The Great Bridge at Poughkeepsie


Trains no longer run over the bridge; instead it is a walkway. Bernie Rudberg took a great nighttime picture from the walkway. See more about the great Poughkeepsie Bridge.

 Connecticut Western Railroad (chartered 1868) ran from Hartford CT to the New York state line, where it was to connect with the Dutchess and Columbia Railroad near Millerton NY.  CWRR was reorganized in 1881 as the Hartford and Connecticut Western RR.  By summer of 1882, H&CWRR had a route from Hartford to the Hudson River.
The Hudson River, nearly half a mile wide, was the biggest obstacle between H&CWRR and the rest of the United States.  Railroads used car floats to get freight and passengers across.  In 1871, the Poughkeepsie Bridge Company was chartered to build a rail bridge across the Hudson.  As this project neared completion, Hudson Connecting Railroad and the Poughkeepsie Connecticut Railroad were chartered to build rail lines westward and eastward, respectively.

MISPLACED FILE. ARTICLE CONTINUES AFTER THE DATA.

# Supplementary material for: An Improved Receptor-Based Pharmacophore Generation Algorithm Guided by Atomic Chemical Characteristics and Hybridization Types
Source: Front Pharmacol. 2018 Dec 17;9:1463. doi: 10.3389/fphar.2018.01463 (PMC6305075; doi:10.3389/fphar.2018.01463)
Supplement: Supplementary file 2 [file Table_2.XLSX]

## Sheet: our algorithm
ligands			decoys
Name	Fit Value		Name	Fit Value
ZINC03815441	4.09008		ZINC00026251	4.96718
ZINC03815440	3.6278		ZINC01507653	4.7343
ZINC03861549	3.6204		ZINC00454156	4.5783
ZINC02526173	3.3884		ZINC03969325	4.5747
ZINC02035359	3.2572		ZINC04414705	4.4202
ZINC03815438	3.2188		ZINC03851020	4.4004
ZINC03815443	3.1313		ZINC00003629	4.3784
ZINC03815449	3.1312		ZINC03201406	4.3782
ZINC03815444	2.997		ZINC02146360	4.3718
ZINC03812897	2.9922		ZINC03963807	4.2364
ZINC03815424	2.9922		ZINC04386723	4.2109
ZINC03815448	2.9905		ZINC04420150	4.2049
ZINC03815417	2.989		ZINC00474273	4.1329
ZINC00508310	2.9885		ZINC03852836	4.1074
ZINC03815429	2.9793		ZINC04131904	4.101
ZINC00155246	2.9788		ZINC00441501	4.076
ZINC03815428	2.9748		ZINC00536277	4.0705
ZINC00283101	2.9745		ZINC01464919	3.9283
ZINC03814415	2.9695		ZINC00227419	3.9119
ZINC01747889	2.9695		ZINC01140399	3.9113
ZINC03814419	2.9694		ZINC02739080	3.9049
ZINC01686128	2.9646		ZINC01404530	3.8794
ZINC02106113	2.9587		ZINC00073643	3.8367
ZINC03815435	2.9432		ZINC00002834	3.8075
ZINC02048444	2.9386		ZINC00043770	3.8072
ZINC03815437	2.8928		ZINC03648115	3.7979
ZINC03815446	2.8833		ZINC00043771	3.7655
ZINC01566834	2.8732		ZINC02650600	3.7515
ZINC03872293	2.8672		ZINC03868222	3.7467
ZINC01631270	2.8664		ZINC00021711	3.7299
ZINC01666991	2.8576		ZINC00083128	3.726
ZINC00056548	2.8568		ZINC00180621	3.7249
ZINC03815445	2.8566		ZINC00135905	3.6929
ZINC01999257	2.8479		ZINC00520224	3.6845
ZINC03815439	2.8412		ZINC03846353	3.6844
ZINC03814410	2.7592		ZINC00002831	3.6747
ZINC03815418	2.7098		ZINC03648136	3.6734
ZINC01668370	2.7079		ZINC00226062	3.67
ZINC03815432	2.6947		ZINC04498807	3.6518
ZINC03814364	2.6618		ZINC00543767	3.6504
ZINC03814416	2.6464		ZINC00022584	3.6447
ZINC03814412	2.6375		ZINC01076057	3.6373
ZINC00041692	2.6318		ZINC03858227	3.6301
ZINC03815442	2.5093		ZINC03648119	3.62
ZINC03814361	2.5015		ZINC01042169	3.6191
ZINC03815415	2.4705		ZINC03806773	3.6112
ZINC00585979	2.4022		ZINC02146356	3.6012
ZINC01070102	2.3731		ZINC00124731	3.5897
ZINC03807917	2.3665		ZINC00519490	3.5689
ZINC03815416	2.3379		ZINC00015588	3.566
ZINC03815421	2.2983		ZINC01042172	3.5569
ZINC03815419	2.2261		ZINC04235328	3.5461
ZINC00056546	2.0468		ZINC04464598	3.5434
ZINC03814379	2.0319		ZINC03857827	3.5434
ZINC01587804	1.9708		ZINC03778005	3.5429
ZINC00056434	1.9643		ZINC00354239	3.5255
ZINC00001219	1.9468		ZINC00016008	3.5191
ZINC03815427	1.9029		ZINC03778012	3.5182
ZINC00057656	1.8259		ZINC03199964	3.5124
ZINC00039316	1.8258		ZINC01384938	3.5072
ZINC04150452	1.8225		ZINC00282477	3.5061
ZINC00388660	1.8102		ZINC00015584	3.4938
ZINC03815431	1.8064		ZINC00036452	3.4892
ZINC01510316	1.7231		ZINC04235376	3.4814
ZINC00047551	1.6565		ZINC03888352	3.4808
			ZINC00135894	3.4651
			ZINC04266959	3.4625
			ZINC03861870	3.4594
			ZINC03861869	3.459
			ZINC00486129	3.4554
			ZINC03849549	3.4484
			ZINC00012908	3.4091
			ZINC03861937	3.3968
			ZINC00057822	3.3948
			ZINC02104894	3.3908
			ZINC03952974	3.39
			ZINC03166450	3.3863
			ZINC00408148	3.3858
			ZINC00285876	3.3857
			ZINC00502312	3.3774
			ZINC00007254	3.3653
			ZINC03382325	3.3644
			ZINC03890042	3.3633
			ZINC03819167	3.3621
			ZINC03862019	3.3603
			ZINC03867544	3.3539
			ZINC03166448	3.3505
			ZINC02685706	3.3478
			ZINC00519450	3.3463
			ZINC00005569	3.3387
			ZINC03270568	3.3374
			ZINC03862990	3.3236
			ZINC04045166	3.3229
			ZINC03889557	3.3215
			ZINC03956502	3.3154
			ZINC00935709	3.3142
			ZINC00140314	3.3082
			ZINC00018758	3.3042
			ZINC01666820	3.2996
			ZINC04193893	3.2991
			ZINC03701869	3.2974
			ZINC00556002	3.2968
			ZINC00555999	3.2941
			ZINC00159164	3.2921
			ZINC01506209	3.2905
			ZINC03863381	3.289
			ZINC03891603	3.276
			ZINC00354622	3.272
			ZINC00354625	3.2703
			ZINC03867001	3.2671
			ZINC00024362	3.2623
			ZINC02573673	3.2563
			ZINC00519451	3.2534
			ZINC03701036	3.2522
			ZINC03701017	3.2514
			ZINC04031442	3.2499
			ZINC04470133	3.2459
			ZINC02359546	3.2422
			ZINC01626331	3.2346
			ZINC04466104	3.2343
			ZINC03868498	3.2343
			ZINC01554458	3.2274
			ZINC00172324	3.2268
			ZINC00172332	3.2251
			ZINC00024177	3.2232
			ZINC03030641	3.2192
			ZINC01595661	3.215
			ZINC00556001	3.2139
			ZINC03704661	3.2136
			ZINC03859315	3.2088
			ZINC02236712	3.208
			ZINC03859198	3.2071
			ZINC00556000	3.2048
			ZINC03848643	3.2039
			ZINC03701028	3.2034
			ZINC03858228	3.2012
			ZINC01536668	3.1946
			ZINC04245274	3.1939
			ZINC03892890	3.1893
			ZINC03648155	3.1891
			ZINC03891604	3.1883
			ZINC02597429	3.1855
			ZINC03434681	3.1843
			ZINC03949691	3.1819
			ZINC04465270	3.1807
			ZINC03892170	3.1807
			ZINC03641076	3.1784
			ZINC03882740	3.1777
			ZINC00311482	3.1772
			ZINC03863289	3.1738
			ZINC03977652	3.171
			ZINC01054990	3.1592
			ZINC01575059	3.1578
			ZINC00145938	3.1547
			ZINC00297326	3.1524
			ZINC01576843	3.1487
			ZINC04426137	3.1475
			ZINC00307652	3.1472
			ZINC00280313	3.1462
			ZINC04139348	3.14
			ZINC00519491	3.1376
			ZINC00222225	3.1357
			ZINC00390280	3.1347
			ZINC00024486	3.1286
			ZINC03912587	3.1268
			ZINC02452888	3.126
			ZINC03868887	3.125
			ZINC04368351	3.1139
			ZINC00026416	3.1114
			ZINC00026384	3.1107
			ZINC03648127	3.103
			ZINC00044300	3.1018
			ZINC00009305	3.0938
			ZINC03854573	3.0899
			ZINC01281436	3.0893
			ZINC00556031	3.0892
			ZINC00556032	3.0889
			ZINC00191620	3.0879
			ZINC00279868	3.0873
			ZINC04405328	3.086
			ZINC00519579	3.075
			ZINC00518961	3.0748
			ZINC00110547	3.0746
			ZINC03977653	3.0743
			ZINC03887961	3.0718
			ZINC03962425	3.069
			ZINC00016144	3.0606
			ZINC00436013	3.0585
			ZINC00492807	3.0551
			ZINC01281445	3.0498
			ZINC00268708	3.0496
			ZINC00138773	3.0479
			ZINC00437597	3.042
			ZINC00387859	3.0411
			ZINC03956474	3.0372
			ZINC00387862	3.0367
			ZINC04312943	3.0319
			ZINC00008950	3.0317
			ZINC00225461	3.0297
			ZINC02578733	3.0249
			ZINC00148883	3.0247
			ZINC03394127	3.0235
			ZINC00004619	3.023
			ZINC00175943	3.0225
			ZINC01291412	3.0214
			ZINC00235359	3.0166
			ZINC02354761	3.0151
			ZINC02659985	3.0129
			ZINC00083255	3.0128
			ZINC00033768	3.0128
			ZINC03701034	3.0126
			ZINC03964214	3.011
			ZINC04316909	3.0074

The first train crossed Poughkeepsie Bridge 125 years ago today (12/29/13).  In 1889, HCRR and P&CRR were merged to create the Central New England Western Railroad, which then leased the H&CWRR.  This system was reorganized in 1899 as the Central New England Railway.
The New Haven Railroad acquired control of CNERy in 1899, mainly to gain access to the Poughkeepsie Bridge.  Penn Central Railroad closed the bridge in 1974 after a huge fire.  The structure was refurbished as a pedestrian bridge and reopened as Walkway Over the Hudson State Historic Park in 2009.